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Magnetism experiment, 19th century

Magnetism experiment, 19th century

C032/7440

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50.0 MB (5.7 MB compressed)

3654 x 4784 pixels

31.0 x 40.4 cm ⏐ 12.2 x 15.9 in (300dpi)

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Credit

SCIENCE PHOTO LIBRARY SCIENCE PHOTO LIBRARY

Caption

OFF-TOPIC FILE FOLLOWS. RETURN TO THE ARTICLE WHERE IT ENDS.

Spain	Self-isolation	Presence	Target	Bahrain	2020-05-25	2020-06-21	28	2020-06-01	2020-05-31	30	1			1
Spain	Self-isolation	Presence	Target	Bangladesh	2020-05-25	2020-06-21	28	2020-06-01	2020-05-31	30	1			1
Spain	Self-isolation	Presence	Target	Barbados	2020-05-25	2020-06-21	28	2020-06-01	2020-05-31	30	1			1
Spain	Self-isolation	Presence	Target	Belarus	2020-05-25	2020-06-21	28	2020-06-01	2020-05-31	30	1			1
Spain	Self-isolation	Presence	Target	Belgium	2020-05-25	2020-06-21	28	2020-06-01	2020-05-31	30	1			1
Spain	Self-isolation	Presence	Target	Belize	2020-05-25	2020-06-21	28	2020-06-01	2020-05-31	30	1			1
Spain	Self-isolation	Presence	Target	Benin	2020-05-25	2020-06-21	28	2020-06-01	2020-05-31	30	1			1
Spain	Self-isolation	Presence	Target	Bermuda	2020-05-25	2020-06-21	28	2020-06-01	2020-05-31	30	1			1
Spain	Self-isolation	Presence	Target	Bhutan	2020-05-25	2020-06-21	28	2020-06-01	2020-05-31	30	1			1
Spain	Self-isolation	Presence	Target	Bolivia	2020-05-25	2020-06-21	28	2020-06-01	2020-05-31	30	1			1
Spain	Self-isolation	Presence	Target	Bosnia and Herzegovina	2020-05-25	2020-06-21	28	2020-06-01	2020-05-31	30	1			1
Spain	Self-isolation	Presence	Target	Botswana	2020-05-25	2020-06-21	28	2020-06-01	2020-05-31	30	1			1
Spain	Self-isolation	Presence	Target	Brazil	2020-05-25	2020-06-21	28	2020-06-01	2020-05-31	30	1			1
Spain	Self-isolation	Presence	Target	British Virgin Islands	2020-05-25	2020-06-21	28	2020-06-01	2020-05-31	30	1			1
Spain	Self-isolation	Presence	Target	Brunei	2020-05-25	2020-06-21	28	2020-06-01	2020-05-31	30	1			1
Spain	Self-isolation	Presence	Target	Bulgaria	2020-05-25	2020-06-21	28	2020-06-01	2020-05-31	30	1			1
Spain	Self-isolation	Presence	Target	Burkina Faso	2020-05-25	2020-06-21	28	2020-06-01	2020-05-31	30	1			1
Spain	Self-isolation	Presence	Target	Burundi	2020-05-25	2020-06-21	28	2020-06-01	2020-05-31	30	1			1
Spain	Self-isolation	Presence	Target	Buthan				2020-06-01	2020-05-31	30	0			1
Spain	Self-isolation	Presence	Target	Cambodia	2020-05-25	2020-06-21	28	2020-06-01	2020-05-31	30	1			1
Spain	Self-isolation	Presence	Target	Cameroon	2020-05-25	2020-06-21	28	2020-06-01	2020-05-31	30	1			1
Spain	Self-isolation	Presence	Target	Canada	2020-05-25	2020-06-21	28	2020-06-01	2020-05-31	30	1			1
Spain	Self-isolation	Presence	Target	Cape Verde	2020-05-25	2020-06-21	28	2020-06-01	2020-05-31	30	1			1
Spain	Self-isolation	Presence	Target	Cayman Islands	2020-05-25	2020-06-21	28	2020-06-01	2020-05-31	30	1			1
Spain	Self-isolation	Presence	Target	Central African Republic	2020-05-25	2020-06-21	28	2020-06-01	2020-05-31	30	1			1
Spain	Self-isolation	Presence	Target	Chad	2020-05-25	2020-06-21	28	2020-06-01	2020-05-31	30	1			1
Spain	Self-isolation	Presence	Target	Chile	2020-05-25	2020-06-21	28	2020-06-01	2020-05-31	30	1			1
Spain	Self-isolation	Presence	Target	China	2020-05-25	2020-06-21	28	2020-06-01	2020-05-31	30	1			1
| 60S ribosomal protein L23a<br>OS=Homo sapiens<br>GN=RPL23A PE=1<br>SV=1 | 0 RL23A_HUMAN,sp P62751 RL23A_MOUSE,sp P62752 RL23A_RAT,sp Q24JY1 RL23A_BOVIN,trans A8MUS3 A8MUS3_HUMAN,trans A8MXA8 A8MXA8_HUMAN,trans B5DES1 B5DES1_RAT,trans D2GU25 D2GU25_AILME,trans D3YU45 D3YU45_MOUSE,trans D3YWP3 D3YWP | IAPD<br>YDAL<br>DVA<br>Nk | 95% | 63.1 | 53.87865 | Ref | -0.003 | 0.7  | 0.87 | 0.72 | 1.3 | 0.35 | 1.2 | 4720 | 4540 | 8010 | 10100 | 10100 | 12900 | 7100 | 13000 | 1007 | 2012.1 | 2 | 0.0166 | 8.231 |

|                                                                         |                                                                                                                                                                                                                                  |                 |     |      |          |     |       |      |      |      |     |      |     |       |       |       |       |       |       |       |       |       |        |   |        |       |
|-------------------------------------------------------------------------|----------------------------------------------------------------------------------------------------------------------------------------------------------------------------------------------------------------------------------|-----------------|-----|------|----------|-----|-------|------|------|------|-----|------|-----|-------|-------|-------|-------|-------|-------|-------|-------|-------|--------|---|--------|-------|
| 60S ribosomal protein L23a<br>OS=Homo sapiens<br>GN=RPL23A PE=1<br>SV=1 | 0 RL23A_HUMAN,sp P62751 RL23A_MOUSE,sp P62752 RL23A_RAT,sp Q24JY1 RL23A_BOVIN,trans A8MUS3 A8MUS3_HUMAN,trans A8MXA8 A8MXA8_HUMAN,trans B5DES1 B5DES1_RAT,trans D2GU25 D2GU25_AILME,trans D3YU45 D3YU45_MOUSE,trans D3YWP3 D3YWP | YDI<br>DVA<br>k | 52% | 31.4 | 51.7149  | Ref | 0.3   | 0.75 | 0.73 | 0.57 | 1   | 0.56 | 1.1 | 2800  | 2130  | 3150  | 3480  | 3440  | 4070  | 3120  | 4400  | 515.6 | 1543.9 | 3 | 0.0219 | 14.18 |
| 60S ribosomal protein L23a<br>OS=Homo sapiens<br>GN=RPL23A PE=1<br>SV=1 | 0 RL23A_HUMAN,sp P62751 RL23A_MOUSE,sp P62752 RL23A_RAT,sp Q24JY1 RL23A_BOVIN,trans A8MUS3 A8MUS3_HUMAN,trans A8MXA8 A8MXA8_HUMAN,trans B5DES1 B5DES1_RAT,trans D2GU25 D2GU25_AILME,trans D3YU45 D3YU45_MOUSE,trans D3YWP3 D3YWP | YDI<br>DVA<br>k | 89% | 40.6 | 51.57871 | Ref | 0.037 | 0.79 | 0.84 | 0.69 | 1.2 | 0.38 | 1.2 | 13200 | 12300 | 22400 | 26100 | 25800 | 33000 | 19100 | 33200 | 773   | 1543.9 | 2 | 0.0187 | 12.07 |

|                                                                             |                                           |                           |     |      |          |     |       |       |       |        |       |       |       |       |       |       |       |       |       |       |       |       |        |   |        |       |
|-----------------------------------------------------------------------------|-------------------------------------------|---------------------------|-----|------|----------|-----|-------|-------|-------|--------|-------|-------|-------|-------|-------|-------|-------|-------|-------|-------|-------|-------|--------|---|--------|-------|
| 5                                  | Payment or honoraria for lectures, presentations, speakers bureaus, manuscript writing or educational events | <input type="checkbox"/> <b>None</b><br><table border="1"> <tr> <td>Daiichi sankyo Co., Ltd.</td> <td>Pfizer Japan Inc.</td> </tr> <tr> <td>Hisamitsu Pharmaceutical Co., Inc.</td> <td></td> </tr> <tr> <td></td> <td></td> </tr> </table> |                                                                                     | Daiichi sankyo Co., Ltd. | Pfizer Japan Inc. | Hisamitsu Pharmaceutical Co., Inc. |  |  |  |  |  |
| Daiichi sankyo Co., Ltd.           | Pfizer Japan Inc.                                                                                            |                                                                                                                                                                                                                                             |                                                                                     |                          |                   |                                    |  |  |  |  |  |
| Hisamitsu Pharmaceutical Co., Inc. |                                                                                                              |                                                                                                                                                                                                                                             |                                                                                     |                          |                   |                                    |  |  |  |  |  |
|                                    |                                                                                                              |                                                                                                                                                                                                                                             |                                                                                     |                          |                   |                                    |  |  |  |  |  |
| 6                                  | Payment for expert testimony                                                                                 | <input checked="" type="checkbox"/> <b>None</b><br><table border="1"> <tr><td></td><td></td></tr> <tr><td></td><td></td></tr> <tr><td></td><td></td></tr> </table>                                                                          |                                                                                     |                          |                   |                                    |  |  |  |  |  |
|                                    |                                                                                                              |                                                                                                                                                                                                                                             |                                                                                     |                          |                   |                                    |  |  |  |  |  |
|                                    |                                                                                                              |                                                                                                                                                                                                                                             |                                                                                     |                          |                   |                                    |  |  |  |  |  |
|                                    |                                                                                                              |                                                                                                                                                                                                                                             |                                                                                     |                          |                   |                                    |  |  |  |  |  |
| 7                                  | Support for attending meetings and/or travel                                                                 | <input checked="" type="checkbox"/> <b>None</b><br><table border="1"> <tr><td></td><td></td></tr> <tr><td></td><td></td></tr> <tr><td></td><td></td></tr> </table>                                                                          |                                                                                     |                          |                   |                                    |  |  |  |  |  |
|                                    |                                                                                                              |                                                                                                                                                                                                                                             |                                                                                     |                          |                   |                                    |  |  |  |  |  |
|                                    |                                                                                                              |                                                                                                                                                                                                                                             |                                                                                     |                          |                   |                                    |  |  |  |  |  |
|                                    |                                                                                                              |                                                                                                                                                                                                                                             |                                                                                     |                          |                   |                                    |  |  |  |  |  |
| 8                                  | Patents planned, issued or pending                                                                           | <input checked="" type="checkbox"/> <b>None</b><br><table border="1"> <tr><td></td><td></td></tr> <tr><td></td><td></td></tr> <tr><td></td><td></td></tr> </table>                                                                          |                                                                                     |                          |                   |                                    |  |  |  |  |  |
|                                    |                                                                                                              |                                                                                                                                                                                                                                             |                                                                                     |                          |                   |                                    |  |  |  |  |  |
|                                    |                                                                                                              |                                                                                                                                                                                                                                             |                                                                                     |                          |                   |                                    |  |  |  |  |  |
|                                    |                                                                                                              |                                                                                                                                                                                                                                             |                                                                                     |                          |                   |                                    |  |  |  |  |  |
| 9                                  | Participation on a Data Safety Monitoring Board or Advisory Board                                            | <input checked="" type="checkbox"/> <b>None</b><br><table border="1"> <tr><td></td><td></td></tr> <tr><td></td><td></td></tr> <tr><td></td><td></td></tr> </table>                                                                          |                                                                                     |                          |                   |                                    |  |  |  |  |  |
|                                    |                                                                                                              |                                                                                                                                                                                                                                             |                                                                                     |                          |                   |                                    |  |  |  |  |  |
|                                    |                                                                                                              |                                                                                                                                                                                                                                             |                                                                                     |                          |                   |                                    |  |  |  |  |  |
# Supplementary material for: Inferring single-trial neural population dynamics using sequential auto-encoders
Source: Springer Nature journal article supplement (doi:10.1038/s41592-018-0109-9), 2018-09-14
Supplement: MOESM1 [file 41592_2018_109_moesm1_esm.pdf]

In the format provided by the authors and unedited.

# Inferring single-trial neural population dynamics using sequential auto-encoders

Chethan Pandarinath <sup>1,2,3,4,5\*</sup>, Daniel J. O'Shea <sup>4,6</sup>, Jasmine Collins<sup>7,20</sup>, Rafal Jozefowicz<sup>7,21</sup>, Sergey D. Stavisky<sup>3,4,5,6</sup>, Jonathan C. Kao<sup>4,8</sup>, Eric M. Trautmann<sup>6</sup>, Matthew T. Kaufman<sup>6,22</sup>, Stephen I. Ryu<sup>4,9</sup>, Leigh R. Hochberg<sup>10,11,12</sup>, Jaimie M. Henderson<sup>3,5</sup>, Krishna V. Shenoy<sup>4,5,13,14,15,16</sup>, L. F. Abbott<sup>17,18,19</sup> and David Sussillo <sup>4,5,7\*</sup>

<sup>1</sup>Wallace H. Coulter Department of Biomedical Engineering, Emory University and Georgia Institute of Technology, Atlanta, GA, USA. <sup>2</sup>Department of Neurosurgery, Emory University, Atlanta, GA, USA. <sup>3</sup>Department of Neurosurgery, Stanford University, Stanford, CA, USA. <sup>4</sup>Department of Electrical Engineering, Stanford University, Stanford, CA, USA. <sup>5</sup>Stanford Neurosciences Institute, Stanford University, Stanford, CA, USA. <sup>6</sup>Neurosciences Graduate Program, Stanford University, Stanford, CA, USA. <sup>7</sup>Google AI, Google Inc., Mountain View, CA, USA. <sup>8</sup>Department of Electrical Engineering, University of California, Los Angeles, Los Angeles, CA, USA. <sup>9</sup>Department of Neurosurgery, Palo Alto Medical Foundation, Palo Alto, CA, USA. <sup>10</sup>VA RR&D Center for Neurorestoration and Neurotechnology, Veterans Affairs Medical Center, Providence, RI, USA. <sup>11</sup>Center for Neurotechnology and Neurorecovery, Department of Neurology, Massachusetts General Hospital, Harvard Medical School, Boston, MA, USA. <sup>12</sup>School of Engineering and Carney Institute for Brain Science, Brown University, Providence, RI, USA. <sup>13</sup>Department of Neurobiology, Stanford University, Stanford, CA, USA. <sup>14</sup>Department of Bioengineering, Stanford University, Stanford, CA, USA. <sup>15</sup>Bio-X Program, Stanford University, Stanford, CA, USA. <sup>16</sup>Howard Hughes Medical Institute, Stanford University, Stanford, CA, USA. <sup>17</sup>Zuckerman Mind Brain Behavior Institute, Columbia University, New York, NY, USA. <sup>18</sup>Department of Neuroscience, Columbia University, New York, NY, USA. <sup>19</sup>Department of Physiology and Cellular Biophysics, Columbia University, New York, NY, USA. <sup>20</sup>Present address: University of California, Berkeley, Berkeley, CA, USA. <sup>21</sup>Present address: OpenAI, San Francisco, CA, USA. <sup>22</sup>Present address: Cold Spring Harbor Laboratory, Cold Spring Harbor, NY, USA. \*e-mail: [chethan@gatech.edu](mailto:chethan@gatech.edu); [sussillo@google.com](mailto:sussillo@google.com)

Magnetism experiment. 19th-century illustration of an artificial magnet being prepared by stretching an iron wire. Magnetism can be induced in soft ferromagnetic materials by processes such as stretching, annealing and hardening. The resulting magnet is shown placed in glass of water, where it will align with the Earth's magnetic field, reproducing the behaviour seen in a compass needle. This illustration, part of a section titled 'Experiences de Physique sans Appareils' (illustrating popular physics experiments that don't require the use of laboratory equipment), is from 'Physique Populaire' (Emile Desbeaux, 1891).

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